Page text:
January 12, 2001
Volume 4, Number 4


Conventions negotiated by UN Member States generally establish committees
before which governments must report on their progress in implementing the
convention. Committee members tend to come from the ranks of liberal policy
makers and academics. Governments and NGOs have complained repeatedly at
what they see as the sometimes heavy-handed and ideological treatment they
have received before these committees.

Among the most notorious committees has been the one established by the
Convention on the Elimination of All Forms of Discrimination Against Women
(CEDAW) which has at various times criticized Belarus for establishing
Mother’s Day, directed Libya to reinterpret the Koran so as to fall within
committee guidelines, and directed Kygystan to legalize lesbianism.
Committees have no power to enforce their directives, but their reports are
an ongoing source of criticism of the governments who are not living up to
the desires of the committee members.

One of the complaints against the committees is their tendency to
reinterpret the original convention, sometimes in complete contradiction to
the convention itself. CEDAW, for instance, formally condemns prostitution
yet the CEDAW committee directed China to legalize prostitution.

Lesser known than the CEDAW committee yet no less controversial is the
Committee on the Rights of the Child that has handed down a number of
reports that governments and human rights attorneys find troubling. Most of
the controversial decisions of the Child Committee are directed at the
rights of parents. A series of human rights instruments guarantee parents
broad latitude in directing the lives of their children.

According to human rights attorney Kathryn Balmforth, “the Universal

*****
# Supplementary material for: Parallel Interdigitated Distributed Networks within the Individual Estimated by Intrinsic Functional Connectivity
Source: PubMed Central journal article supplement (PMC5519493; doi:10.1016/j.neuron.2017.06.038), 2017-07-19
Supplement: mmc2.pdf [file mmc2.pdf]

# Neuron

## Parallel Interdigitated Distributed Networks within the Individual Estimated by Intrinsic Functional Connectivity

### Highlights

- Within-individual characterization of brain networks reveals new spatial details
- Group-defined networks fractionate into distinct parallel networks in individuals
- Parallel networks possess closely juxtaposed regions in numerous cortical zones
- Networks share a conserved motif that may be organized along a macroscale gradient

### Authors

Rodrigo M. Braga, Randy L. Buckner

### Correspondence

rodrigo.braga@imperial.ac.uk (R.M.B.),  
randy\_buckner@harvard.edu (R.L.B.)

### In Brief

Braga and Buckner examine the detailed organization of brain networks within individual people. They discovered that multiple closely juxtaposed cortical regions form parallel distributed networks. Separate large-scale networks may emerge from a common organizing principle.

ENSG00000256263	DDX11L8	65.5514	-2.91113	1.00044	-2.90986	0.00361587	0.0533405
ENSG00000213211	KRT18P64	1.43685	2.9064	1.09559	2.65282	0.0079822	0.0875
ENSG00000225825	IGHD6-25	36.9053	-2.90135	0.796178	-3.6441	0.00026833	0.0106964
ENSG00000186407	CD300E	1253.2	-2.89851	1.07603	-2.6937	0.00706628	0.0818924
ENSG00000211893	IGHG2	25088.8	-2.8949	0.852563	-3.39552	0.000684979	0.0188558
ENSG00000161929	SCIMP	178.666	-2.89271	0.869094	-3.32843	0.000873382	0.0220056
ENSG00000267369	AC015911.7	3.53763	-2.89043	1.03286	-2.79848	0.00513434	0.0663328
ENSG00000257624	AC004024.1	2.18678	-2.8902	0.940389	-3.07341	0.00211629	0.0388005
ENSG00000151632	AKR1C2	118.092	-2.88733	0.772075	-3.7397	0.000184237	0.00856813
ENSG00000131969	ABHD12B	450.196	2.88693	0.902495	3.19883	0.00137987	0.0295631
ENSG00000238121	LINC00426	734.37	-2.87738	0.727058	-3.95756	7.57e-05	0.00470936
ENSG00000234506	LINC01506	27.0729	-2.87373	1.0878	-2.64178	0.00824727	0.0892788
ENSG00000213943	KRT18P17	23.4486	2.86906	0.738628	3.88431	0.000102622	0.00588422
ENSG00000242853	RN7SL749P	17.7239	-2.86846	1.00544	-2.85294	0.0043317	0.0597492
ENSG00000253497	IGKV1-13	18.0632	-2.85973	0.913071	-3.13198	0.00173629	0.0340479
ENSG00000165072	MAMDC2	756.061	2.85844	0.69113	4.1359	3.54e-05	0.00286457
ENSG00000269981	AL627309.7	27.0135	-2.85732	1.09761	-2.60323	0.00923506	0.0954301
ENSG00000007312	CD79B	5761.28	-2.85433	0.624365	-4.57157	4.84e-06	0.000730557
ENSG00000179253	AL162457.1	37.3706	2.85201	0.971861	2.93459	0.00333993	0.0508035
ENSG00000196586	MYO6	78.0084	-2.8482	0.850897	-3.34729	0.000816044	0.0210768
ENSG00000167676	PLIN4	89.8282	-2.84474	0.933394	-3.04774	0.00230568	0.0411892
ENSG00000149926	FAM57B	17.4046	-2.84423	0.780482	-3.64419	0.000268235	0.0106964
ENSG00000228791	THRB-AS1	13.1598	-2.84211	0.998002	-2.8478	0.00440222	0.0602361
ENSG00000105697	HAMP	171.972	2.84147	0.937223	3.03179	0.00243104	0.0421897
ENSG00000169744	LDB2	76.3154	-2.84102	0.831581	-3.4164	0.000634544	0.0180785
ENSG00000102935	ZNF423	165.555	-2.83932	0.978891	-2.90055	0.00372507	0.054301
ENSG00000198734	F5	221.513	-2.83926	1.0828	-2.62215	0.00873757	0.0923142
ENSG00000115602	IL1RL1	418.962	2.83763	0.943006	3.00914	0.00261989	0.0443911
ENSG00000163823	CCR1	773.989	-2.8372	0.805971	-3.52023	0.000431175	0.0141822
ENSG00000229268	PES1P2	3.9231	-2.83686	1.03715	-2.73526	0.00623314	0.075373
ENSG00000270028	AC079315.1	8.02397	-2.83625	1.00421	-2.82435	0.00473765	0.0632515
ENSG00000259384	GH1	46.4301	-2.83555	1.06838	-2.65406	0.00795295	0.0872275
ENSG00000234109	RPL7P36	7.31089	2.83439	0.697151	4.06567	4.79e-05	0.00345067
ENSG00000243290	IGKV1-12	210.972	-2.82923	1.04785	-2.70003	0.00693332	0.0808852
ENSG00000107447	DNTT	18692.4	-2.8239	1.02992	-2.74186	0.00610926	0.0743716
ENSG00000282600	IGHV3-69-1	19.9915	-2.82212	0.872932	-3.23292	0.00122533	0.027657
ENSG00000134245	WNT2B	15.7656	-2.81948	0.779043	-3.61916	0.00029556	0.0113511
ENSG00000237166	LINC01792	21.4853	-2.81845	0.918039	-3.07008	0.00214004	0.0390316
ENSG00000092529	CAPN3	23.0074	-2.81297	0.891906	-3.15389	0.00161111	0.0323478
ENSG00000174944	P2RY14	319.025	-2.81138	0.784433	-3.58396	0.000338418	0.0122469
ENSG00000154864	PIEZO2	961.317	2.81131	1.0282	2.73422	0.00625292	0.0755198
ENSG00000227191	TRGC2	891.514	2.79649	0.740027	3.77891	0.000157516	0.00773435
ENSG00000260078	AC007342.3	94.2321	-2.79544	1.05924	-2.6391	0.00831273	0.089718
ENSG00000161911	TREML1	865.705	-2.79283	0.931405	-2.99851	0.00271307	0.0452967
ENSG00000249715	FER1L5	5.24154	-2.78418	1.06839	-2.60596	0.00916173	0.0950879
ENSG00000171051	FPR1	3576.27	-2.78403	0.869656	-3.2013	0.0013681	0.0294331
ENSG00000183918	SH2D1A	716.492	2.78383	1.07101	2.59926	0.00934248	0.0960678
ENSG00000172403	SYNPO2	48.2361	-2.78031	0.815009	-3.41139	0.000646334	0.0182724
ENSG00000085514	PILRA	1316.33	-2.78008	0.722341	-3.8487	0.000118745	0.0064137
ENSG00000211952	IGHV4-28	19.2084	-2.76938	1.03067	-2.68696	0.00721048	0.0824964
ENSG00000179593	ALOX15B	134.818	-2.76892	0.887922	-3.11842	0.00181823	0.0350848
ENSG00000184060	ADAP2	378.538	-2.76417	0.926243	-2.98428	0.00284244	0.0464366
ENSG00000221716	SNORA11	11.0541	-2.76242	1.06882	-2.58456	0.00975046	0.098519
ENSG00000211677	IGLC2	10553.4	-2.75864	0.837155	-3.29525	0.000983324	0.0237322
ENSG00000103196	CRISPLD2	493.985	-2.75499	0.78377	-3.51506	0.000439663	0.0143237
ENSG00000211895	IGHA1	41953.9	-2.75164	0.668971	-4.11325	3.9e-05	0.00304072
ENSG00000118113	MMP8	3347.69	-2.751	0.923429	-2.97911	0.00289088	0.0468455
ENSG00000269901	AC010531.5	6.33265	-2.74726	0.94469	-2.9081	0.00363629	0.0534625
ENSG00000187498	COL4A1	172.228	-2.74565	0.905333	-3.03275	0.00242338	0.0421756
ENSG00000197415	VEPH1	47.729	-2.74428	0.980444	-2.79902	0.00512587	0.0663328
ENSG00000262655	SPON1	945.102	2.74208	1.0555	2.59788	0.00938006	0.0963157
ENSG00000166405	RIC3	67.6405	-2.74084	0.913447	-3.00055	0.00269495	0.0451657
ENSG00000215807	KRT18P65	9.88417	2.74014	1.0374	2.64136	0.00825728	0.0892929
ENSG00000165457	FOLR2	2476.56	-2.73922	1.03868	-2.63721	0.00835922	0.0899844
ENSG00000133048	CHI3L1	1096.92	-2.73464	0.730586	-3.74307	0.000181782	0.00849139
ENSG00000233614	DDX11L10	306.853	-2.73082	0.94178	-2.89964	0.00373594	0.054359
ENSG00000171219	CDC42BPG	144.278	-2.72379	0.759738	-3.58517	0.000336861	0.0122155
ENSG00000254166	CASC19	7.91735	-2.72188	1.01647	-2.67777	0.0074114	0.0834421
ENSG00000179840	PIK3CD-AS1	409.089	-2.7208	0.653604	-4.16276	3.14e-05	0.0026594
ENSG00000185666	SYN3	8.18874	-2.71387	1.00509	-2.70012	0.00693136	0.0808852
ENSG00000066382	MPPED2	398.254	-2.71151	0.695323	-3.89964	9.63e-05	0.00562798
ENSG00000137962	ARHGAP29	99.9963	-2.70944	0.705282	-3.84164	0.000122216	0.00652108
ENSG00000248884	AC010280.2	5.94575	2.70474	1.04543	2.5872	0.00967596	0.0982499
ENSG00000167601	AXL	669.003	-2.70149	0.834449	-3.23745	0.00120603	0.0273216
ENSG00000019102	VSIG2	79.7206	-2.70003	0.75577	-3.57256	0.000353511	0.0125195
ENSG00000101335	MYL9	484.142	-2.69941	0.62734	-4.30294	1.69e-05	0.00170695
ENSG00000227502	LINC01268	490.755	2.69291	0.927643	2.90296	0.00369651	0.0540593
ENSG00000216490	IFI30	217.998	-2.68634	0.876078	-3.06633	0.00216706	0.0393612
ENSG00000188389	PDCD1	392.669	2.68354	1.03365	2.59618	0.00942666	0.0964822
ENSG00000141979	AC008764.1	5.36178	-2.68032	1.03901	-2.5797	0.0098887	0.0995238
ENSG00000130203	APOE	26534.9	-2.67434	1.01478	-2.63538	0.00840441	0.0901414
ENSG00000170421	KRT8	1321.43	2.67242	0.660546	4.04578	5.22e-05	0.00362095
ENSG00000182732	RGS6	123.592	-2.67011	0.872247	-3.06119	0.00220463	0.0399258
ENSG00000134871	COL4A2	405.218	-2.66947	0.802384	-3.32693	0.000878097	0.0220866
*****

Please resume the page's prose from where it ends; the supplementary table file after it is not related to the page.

Declaration of Human Rights explicitly protects the prior right of parents
to choose the kind of education that is given to their children, and gives
the right of parents in that regard priority over all others.” Balmforth
points out that the implementing treaties of the Universal Declaration --
the International Covenant on Economic, Social and Cultural Rights and the
International Covenant on Civil and Political Rights – “are even more
specific in protecting the liberty of parents…to ensure the religious and
moral education of their children in conformity with their own

In the early days of the Committee on the Rights of the Child, Balmforth
says it was “quite deferential to the rights of parents, but this deference
has disappeared over time.” In 1995 the Committee found the United Kingdom
out of compliance because parents were allowed to withdraw their children
from portions of sex education programs that the parents found
objectionable. Balmforth says the Committee is now routinely calling for
greater access to reproductive health counseling, sex education and
services, without mentioning any right of the parents.

Such ongoing overreaching by UN Committees will play a part in upcoming

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Permission granted for unlimited use. Credit required.

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